It’s National Blueberry Month and we want to make sure you know how to celebrate in the berry-best way! Blueberries provide us with more than just scrumptious berries in summer to snack on all day long.
Here are just a few excellent benefits of growing blueberry bushes:
The flowers of blueberry shrubs are a great food source for early season pollinators.
There are varieties of blueberries that grow short and compact, and are self-pollinating, which make great container plants for small spaces.
Blueberry bushes are attractive shrubs in the garden as they give a prolific bloom of lovely bell-shaped flowers in spring, awesome fall foliage color, and winter interest with colorful red stems.
Blueberries are one of the most nutrient dense berries containing 4 essential nutrients including fiber, Vitamin C, Vitamin K and manganese.
Berries can be used in a variety of recipes to enhance flavors and give a sweet or tart twist to a dish such as pancakes, salads, and smoothies.
Blueberries are packed with antioxidants which protect your body from free radicals that can damage your cells and contribute to aging and disease, such as cancer.
History of the Blueberry
The origin of most commercial crops is lost in antiquity. We’ll never know who to thank for selecting and taming wheat and corn, or tomatoes, or apples and cherries, nor exactly how many thousands of years ago they went from wild collected harvests to intentionally planted staples.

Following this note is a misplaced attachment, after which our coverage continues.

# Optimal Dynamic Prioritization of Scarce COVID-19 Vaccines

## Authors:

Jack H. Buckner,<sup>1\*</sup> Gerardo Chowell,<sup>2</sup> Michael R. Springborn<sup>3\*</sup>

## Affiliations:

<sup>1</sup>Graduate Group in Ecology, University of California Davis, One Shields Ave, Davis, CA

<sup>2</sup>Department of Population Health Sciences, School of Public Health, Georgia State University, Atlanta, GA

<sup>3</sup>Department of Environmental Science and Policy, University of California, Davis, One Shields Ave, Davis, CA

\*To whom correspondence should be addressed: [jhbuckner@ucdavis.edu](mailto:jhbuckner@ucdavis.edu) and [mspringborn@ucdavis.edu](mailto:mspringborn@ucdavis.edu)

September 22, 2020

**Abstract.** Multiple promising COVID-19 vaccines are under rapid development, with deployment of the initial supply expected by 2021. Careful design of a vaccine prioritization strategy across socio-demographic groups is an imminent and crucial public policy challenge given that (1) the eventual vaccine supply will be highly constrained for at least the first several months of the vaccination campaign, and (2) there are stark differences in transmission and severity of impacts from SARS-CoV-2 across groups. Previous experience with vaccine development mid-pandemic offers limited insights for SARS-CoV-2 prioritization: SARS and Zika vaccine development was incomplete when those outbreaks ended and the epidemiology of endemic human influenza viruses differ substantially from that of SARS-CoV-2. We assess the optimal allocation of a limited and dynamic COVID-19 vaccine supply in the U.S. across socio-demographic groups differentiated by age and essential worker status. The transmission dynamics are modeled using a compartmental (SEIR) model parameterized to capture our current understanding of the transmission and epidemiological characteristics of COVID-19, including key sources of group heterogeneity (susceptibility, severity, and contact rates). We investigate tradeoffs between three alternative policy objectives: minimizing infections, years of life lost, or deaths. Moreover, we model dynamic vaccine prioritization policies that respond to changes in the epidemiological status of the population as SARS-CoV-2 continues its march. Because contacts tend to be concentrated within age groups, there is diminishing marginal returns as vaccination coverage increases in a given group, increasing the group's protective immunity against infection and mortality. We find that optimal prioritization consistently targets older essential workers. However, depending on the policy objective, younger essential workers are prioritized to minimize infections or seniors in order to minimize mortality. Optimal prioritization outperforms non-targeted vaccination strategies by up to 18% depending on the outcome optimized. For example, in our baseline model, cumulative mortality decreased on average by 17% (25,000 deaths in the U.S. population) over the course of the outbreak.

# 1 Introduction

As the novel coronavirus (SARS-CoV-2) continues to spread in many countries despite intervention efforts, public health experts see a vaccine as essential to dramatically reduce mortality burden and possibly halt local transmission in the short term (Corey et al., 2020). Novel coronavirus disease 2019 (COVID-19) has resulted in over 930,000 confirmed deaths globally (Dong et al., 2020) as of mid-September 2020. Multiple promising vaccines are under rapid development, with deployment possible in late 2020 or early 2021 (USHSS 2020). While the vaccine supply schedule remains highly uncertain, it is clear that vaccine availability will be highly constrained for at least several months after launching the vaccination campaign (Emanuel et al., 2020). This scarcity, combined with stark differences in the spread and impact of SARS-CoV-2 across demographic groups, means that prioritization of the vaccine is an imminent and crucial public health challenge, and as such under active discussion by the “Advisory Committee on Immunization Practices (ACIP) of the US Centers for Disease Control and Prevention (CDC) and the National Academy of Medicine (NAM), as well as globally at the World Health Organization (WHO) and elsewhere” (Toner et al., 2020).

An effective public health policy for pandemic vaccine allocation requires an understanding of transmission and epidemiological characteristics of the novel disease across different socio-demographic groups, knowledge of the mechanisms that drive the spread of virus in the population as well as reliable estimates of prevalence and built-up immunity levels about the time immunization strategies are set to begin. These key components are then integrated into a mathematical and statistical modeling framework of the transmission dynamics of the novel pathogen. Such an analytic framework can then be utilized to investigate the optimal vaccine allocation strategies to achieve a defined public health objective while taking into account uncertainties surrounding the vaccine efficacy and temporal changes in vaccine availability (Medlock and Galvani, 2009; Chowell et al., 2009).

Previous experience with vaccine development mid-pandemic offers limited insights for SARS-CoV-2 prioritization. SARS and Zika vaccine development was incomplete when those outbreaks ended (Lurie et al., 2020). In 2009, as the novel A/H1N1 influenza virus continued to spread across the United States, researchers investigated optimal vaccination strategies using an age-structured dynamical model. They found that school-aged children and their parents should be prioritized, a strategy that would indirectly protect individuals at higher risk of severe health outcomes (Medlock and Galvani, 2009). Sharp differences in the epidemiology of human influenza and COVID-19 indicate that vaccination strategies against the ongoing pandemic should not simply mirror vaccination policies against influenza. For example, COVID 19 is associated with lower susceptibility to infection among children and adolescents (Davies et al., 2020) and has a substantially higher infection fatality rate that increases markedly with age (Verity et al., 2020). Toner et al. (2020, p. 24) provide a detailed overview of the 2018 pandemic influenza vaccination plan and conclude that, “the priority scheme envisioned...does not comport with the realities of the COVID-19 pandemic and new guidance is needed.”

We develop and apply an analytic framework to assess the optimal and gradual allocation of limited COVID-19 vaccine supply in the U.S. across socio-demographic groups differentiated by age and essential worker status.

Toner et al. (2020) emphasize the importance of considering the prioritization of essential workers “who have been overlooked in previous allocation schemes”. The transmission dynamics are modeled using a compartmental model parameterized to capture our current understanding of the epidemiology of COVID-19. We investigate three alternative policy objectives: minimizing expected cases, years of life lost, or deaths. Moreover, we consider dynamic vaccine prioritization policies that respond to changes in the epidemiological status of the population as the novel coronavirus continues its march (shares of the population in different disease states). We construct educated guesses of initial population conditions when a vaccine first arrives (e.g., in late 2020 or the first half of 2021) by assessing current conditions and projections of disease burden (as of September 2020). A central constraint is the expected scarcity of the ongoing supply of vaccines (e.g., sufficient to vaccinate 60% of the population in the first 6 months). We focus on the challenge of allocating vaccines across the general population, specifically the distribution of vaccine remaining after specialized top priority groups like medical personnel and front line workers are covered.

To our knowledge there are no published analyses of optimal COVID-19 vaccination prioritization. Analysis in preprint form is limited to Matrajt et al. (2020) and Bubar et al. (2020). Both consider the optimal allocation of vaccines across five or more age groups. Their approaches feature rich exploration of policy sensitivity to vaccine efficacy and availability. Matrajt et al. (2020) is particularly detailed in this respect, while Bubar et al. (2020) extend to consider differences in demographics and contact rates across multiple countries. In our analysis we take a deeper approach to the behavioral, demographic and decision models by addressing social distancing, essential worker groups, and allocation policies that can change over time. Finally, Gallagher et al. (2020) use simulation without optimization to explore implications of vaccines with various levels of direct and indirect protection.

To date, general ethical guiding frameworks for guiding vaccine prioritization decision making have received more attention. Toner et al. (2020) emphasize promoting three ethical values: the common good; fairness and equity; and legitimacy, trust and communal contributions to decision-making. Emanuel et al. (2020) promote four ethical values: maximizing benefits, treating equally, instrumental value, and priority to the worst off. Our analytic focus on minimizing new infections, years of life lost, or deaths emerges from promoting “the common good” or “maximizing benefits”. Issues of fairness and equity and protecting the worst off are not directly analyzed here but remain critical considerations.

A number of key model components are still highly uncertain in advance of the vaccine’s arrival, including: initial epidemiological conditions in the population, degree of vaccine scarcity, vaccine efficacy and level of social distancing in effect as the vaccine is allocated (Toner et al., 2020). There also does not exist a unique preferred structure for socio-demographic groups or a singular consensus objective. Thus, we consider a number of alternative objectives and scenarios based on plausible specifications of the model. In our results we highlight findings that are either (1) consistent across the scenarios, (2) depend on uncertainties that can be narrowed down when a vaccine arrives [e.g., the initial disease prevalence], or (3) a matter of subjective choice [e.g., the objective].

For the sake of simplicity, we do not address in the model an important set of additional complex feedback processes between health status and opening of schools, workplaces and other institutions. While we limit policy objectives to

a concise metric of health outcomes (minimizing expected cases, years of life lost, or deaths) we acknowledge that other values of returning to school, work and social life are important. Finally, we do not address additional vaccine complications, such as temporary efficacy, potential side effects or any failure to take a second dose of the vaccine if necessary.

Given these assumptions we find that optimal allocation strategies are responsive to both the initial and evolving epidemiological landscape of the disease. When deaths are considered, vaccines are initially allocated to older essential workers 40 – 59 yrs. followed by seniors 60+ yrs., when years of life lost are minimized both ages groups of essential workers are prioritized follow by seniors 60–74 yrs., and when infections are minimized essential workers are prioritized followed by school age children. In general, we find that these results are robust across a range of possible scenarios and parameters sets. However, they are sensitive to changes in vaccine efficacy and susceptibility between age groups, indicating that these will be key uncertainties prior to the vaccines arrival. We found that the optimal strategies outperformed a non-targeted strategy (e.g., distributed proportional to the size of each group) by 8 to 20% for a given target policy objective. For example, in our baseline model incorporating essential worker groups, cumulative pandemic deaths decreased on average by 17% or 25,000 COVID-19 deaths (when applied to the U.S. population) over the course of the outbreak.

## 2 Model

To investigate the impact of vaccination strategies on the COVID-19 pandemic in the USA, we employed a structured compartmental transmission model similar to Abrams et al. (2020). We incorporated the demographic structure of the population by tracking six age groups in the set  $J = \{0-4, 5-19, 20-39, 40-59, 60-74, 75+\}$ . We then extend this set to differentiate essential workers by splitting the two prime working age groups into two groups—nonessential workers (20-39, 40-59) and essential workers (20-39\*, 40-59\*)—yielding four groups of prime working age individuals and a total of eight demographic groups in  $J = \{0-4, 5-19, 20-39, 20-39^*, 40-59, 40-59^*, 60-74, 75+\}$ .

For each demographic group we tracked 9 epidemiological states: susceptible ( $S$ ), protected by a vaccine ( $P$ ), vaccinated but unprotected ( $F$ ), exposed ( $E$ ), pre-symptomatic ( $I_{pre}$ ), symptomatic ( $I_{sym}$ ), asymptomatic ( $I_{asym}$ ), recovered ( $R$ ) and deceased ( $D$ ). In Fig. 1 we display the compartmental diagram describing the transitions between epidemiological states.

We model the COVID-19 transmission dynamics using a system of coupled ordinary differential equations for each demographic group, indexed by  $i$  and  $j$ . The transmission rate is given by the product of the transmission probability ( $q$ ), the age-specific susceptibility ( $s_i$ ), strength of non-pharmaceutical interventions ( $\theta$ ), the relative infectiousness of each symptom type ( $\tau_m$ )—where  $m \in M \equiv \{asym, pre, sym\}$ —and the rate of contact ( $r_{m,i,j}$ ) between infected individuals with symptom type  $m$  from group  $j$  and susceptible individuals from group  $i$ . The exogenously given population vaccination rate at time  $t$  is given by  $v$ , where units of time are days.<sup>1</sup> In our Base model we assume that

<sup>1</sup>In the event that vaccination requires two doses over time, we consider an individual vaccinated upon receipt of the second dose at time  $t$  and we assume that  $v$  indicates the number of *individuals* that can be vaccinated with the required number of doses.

But blueberries are different. We owe the tasty, antioxidant rich modern wonder (and multi-billion dollar agricultural industry) that is the high-bush blueberry to an American woman – Elizabeth Coleman White.
Growing up in New Jersey in the late 1800’s on her family’s cranberry farm, Elizabeth developed an intense interest in the business of farming at an early age, and as an adult continued to work alongside her father on the plantation. In 1910, she read a US Department of Agriculture bulletin by Frederick Coville, on propagation and cultural needs of the wild blueberry. Though common wisdom was that the blueberry was too picky and variable to cultivate, she had wondered if the ones that grew wild on the plantation could be developed, like wild cranberries had been a few decades before. She contacted Coville, offering to pay the USDA to use her property to research blueberry varieties and breeding, and arranged for local wild blueberry harvesters to select and bring in exceptional bushes for trial and breeding. Over the next four years, she selected and propagated the best 100 wild blueberry plants she could locate, planting them on the farm and sending specimens to Frederick Coville to continue work on breeding new and improved varieties.
In 1916, the first commercial harvest of domesticated high-bush blueberries was carried out on the White’s plantation, yielding 600 quarts of large, uniformly shaped and ripe berries. One of the original selections, the Rubel, is still widely available; Coville’s breeding created many more varieties, and the development of the blueberry continues to this day. New blueberries for the home gardener have been selected to be self fertile, to produce over a long season, and to grow in small spaces (even in containers).
Image courtesy: http://www.scc.rutgers.edu/njwomenshistory/Period_4/white.htm